July 17– Friday– Memphis, Tennessee– Federal authorities issue a general order regarding escaped slaves as well as all free black and mixed race persons in the city.”Every free Negro or mulatto, and every contraband within the District must, with[in] twenty days enter into the employment of some responsible white person,who will be required to report names, age, and description of such from Negroes or contrabands and nature of contract, to the Provost Marshal of theDistrict. All Negroes and mulattos failing to find service or employment with someresponsible white person, will immediately remove to the contraband camp,under charge of Chaplain Fiske, Superintendent of contrabands.”

July 17– Friday– Honey Springs, Indian Territory [now Oklahoma]– A combined Union force of blacks, whites and Native Americans defeats a Confederate force. Federal losses total 79 while Confederate losses total 637 dead, wounded and missing.

Battle of Honey Springs

Battle of Honey Springs

July 18– Saturday– Mansfield, Ohio– Senator John Sherman writes to his brother General William Tecumseh Sherman. “I supposed when Vicksburg fell that you would have a period of rest, and perhaps might return to Ohio to find yourself popular and famous. But the fortune of war carries you into new dangers and I hope new successes. We have been very anxious for news from your movements, but as yet we have only had uncertain reports, and can only live in the hope that you will whip Johnston and win new laurels. I have just returned from Cincinnati, where I was during the whole of Morgan’s raid. How completely the tone of the press has changed in regard to you. Even the Gazette, which has been malignant to the last degree, published quite a number of letters in which your share of the movements about Vicksburg was highly praised. I notice, however, that the editor has said nothing. All other papers, and indeed all officers and citizens with whom I converse, gave you great credit. So that now in the Northern States, and especially here in Ohio, your popularity is second only to that of Grant. You need care but little for this, as you passed through a storm of obloquy which would have submerged many an officer. Popular opinion is so changeable that it is worthless. It is founded upon rumor, and is as explosive as gas.”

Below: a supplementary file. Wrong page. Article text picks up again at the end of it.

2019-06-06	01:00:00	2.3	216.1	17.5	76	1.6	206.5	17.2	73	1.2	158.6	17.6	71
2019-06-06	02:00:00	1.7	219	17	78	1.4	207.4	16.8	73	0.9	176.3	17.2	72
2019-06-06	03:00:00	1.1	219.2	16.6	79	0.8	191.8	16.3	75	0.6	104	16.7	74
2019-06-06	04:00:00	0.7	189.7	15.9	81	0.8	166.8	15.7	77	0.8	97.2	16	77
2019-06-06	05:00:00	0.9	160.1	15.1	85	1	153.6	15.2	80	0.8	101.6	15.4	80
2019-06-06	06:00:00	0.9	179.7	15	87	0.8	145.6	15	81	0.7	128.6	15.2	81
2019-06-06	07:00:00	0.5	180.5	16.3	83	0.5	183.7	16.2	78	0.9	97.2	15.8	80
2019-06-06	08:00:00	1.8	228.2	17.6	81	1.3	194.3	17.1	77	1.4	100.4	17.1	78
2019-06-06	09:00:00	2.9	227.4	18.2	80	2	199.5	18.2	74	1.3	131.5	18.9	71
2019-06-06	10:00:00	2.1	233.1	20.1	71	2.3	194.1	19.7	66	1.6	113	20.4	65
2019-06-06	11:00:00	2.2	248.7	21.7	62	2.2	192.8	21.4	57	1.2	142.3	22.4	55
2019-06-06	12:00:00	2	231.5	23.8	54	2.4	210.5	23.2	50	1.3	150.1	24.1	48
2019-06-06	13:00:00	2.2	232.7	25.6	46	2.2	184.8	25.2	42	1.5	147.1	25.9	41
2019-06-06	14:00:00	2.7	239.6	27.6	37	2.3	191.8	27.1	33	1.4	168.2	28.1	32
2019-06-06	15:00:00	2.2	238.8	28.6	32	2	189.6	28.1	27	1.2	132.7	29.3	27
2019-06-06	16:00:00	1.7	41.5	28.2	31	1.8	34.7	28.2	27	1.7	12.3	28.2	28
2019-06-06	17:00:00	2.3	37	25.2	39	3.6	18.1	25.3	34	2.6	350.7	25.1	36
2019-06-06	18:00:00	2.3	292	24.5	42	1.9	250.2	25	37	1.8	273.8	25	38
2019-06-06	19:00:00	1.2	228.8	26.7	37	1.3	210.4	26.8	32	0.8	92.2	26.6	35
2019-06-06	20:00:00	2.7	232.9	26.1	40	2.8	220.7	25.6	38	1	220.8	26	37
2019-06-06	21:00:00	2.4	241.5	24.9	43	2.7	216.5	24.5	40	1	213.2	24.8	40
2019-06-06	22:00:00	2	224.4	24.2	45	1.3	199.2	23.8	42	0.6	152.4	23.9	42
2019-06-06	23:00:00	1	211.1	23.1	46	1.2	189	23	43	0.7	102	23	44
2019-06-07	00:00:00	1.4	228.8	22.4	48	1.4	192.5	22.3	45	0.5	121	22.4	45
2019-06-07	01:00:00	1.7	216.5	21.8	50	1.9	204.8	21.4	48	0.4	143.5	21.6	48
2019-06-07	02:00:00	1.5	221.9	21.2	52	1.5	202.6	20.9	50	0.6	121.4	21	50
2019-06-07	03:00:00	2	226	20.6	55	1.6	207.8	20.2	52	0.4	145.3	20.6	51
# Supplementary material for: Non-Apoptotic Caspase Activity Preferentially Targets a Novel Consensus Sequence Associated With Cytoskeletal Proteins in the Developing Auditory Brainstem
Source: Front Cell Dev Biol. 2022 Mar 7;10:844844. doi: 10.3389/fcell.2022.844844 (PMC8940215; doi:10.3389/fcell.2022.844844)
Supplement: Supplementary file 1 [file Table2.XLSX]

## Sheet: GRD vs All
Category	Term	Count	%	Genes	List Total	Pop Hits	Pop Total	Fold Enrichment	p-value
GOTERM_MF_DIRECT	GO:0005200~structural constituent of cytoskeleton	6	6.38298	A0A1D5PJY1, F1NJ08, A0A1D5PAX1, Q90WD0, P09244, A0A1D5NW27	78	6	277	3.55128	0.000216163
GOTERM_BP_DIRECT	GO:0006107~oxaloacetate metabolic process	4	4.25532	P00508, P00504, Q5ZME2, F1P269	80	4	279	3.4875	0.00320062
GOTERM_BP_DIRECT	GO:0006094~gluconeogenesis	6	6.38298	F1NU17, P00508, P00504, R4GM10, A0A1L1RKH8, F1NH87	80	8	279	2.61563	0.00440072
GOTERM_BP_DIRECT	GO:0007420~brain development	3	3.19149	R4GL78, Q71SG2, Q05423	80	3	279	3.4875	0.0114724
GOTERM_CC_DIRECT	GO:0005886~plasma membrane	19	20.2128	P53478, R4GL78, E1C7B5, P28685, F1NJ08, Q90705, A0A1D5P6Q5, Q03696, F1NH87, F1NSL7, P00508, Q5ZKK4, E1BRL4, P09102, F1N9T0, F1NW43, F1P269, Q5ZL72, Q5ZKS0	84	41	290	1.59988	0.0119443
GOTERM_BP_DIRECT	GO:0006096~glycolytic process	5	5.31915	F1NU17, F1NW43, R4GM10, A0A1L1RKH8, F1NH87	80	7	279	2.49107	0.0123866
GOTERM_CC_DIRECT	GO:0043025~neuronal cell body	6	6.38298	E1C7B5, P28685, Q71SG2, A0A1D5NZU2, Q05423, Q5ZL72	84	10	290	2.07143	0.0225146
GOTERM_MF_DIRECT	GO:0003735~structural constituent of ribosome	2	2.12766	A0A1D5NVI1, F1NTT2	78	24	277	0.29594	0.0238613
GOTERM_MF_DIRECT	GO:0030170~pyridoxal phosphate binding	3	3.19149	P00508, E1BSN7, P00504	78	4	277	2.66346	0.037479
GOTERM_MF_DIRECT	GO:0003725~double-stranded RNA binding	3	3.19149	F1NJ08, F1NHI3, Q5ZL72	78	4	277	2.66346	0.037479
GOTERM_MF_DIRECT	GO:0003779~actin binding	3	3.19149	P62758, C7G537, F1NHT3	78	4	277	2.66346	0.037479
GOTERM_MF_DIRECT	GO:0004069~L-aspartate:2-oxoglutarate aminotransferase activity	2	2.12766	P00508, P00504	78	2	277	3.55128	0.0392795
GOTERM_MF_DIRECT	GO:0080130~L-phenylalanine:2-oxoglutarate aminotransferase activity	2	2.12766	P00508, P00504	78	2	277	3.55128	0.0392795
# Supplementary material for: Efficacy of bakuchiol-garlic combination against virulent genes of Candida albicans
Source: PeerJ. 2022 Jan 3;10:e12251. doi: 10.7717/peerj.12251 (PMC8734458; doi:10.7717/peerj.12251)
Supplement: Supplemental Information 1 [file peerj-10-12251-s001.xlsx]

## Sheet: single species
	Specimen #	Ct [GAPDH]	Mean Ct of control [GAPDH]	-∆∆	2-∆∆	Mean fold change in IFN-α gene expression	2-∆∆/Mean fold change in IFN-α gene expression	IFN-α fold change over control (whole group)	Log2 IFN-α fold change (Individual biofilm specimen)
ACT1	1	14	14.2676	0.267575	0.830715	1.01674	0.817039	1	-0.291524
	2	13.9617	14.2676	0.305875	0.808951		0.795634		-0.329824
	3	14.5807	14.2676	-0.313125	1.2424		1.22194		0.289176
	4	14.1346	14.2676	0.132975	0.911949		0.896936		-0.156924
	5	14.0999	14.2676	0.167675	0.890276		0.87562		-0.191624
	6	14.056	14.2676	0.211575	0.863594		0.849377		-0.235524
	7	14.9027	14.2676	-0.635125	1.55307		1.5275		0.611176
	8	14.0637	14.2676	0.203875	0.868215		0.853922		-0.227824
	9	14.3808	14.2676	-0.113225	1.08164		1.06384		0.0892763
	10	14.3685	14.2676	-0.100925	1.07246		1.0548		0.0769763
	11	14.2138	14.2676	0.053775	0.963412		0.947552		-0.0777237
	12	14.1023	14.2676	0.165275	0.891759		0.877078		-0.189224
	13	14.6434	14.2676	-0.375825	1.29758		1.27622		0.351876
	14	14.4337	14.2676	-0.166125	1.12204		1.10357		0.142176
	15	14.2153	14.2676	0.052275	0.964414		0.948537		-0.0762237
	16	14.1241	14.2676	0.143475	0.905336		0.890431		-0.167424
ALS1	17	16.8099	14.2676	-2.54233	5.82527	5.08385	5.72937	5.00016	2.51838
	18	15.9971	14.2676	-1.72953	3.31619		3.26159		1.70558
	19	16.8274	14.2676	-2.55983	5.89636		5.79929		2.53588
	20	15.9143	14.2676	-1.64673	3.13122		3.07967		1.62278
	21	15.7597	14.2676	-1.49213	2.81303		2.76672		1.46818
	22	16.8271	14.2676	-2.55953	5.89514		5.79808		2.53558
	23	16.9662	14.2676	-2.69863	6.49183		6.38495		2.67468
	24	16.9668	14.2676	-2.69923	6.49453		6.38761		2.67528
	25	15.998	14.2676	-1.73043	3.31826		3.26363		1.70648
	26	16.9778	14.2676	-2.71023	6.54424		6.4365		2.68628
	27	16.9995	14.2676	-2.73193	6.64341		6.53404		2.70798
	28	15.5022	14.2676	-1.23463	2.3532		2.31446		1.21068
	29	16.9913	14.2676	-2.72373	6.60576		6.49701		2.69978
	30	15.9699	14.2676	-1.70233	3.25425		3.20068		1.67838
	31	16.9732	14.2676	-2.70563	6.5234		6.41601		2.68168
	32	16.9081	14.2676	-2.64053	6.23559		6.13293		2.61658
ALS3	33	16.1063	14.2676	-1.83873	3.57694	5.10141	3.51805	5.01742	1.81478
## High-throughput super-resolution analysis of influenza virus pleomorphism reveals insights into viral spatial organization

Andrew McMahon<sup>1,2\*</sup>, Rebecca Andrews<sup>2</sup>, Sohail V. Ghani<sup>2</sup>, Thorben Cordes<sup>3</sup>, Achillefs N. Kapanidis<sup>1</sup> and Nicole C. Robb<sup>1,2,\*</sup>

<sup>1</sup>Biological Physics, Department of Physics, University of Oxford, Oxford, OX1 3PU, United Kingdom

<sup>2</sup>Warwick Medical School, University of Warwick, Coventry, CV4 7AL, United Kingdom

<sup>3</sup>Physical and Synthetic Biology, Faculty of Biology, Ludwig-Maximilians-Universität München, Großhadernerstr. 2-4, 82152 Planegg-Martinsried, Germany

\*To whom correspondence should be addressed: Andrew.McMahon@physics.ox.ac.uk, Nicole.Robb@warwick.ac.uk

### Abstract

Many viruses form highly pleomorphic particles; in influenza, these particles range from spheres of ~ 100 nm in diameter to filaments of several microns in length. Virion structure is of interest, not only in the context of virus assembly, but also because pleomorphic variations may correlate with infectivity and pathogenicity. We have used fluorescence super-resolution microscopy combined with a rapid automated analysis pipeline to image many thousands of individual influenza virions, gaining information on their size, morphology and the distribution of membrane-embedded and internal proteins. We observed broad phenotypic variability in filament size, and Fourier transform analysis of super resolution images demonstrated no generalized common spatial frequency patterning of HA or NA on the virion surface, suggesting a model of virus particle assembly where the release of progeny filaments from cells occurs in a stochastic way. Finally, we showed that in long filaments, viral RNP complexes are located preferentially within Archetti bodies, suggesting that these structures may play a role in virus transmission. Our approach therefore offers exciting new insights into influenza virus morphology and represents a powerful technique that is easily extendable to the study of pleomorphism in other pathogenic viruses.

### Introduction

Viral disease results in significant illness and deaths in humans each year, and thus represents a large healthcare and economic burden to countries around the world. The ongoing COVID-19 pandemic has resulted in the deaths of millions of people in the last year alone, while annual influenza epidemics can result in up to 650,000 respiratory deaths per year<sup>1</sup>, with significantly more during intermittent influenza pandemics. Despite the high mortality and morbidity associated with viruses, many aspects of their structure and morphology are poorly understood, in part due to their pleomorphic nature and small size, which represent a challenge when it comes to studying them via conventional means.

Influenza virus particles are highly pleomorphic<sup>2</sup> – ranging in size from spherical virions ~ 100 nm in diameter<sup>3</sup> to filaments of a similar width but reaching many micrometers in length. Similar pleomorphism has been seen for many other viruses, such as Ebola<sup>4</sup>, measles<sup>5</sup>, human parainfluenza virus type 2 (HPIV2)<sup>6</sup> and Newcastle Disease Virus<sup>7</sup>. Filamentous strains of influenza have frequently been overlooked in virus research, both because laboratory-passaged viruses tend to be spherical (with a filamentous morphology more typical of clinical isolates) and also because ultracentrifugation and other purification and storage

July 18– Saturday– New Albany, Indiana– Federal authorities arrest George W Bickley, one of the leaders of the Knights of the Golden Circle.